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Interview: Isaac Mizrahi On Reopening the Café Carlyle and Becoming a Full-Time Entertainer

The Upper East Side supper club has been shuttered for two years, but Mizrahi is opening things up with a two-week residency.

Isaac Mizrahi will reopen the Café Carlyle following a two-year hiatus.
(© David Andrako)

Over the past three decades, Isaac Mizrahi has become the ultimate multi-hyphenate. Still celebrated as one of America's most talented fashion designers, he is also a documentarian, stage director, author, and television personality.

On top of all that, New Yorkers treasure Mizrahi for his unique cabaret shows, which have been seen at Joe's Pub, City Winery and, most importantly, the beloved Café Carlyle. He reopens that storied room (which has been dormant for over two years) with In-Person from March 1-12, for which he will once again be accompanied by his band of jazz musicians led by Ben Waltzer.

Mizrahi recently spoke to TheaterMania about his return to live performing, his unusual career trajectory, and why he pays more attention to what he wears than what the audience wears.

Isaac Mizrahi performed in Does This Song Make Me Look Fat?, music directed by Ben Waltzer (background), at Café Carlyle in 2017.
(© David Andrako)

This conversation has been condensed and edited for clarity.

This will be your first live show in New York since the pandemic? How are you feeling about returning to the stage?

I can't believe how excited I am. For the past two years, we've all gone "soft" with the outside world and our only real engagement with other people has been virtual shows or social media. So even if I have some anxiety about re-entering the real world, I know no matter what happens at the Café Carlyle, it will be fun! For one thing, it feels like an extension of my living room. And there is something about being in the company of these smart New Yorkers that makes me feel safe; I feel like whatever I say, I won't be cancelled.

You've had two years to think about what you're going to say. What did you decide on?

True, I've been thinking the whole time about what to say. What I want to talk about is the concept of happiness in the world, especially real happiness versus virtual happiness. I also think as Americans, we're taught that we're always supposed to be happy. And I do believe that if you're alive and you're not grateful, that's a problem. But to quote Peggy Lee. "Is that all there is?" Should you always just be grateful, no matter what? Is it ok that for years, you made all these plans, built these castles, and now part of you only wants to stay at home with your dogs and watch reruns of Seinfeld?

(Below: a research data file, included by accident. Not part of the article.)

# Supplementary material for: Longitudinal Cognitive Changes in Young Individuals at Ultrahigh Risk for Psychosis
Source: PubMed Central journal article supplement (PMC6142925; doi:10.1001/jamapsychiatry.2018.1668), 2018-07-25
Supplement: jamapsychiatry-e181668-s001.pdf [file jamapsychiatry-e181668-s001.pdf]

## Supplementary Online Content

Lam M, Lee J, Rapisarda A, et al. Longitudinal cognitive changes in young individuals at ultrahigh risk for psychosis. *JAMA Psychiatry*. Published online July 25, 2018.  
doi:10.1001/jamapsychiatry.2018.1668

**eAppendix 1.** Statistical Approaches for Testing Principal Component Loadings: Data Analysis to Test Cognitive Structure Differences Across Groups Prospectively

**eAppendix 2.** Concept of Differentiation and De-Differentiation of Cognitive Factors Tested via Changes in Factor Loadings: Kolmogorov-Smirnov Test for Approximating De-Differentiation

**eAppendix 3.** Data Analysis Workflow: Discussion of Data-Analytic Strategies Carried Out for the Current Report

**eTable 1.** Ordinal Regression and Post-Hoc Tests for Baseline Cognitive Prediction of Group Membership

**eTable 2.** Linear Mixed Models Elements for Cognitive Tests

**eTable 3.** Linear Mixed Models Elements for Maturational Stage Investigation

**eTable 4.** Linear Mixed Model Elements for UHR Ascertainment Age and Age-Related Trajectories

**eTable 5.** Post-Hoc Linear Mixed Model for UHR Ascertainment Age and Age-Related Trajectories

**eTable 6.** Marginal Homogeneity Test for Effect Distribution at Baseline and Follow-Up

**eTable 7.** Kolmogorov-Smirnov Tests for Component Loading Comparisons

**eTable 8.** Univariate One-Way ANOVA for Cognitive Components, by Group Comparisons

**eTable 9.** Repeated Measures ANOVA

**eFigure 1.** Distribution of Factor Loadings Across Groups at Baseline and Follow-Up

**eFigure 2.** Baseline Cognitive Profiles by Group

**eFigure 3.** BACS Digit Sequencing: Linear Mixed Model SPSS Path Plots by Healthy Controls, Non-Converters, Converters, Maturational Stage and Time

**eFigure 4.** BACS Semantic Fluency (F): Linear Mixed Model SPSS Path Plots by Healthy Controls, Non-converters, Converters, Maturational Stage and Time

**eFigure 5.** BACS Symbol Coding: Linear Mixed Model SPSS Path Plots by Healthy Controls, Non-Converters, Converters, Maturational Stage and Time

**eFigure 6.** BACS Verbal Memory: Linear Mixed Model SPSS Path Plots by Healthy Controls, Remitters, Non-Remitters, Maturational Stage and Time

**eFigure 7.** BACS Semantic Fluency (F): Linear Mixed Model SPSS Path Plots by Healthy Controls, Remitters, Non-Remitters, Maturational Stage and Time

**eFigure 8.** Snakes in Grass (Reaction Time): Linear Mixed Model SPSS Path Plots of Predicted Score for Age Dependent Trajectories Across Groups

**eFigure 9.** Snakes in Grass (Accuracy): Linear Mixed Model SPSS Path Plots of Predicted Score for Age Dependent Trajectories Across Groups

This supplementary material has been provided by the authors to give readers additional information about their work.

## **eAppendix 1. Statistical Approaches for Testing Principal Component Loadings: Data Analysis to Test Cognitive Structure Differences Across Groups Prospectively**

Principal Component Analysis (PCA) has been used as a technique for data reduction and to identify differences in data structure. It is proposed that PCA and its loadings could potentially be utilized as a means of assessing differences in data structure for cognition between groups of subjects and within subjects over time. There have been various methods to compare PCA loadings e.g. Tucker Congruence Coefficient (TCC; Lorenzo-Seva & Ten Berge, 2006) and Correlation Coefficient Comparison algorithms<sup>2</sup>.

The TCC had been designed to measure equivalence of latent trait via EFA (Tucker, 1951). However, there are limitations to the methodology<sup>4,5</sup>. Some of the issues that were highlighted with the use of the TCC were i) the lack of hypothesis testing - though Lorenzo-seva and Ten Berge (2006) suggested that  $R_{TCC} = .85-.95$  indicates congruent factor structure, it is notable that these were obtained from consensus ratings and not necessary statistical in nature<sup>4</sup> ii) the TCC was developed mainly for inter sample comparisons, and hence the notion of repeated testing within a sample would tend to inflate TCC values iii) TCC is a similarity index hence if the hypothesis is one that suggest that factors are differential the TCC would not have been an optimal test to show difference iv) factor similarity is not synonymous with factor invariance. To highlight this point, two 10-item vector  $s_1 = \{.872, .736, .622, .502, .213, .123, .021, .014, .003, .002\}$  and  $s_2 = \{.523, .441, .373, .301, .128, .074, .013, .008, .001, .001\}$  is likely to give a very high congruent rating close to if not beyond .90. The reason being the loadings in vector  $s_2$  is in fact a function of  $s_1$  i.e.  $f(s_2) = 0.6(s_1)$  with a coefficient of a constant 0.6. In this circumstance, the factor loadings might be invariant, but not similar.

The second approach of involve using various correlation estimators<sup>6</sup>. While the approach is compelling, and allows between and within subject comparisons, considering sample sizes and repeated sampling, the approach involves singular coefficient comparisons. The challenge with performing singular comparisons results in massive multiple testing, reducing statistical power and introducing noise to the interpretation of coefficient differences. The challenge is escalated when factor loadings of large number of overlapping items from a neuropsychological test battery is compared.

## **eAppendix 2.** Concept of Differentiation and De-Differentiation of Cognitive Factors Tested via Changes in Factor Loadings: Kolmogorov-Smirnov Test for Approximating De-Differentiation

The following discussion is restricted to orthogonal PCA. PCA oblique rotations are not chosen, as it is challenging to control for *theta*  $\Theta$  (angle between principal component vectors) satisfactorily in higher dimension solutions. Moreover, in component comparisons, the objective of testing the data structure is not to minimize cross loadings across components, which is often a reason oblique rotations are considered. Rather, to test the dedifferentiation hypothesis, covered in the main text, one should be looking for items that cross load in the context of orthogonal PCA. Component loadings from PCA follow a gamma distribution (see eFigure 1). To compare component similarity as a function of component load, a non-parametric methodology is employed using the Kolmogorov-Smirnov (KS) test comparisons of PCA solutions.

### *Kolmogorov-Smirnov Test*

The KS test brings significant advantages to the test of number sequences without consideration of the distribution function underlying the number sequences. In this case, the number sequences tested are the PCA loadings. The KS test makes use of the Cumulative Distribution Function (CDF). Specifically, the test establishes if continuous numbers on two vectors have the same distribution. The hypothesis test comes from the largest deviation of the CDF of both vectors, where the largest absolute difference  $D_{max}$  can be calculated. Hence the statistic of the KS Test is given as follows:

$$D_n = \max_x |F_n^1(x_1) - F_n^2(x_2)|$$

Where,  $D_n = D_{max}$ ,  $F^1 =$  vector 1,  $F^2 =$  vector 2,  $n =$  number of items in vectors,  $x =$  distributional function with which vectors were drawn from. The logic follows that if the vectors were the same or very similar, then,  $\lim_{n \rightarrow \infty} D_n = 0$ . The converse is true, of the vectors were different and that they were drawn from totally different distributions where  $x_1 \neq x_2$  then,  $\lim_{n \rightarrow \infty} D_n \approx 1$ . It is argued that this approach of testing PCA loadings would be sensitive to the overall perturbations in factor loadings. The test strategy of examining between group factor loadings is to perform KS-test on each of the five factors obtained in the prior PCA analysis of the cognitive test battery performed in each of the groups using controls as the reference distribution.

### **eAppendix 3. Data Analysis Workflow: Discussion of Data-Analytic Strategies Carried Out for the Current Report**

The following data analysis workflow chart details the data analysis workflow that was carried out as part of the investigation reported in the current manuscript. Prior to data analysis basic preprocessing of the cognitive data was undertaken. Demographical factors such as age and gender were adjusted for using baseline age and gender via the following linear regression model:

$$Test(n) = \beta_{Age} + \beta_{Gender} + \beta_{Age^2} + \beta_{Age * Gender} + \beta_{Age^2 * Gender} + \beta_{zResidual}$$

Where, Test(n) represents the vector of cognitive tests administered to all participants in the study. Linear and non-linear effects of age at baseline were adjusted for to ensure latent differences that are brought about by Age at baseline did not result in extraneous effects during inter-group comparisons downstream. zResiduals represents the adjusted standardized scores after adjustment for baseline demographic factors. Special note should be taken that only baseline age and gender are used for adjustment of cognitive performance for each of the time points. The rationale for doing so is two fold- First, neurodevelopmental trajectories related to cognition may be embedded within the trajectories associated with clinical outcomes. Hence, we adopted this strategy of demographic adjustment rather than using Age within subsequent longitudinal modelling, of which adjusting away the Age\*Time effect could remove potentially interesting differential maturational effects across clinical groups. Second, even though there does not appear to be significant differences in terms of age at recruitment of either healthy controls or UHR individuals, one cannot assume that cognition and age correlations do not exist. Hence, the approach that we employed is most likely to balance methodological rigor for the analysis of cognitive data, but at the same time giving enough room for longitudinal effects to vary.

You also sing in your shows, and I hear this one is going to include songs by both Stephen Sondheim and Billie Eilish. Do you want to explain this eclecticism?

I've tried a lot of different musical content over the years, especially because I like all sorts of music. I used to sing Stephen's "The Ladies Who Lunch," but about two years ago, I decided to try "One More Kiss" from Follies. It got the response I wanted, so I think I'll do it again. Stephen was both a friend and a huge influence who occupied a big place in my life, though I doubt he ever said the same about me. Anyway, now that he's gone, I don't know how I will make it through opening night without crying. As for Billie Eilish, I am going to sing "Everything I Wanted." I like her and I like the theme of her music, which is about questioning whether to live life by someone else's standards.

Isaac Mizrahi performs at the Café Carlyle.
(© David Andrako)

Being a fashion designer, do you ever judge what your audience is wearing?

No. I am so embarrassed that anyone thinks I care about what they wear. I'm so deeply nervous about how I look; it's a very big part of my self-esteem issues for the past 30 years. I always give a lot of thought about what I am wearing in my shows. I started out just wearing tuxedos, although for my first show at the Carlyle, I did a costume change at the end. I wore this incredible Swarovski crystal-covered jacket. Then someone from Vogue wrote something like, "he came out in some tacky jacket with plastic gems." I was so upset; I thought, I just can't win. So, now, it's always a black suit of some kind — but I am thinking about some sort of new look for this show.

Your life has changed so much in the past decade or so. Do you think you've finally found the right balance in your careers?

No, it hasn't changed enough for me. To be honest, had I known it was going to be difficult to segue from one career to another, I don't know if I would have done fashion. I did some acting as a kid, but my father don't think I would make it and so he taught me what he knew, which was the garment business. And not only was fashion easier than getting into Juilliard; but my priority was getting out of the house. Fashion has lots of physical hard work; people don't realize how demanding things like fitting and recutting are for me. And doing fashion shows were the worst for me. I became a maniac during them and then I would watch them later with gnashed teeth poring over every mistake. I am so grateful there's been a progression in my life. I don't feel jaded about performing; I look forward to every show. True, I get stage fright right before I go on, but then I feel the audience's love and I instantly relax. It's rapturous. So, yeah, I'm ready to transition into being a full-time entertainer!

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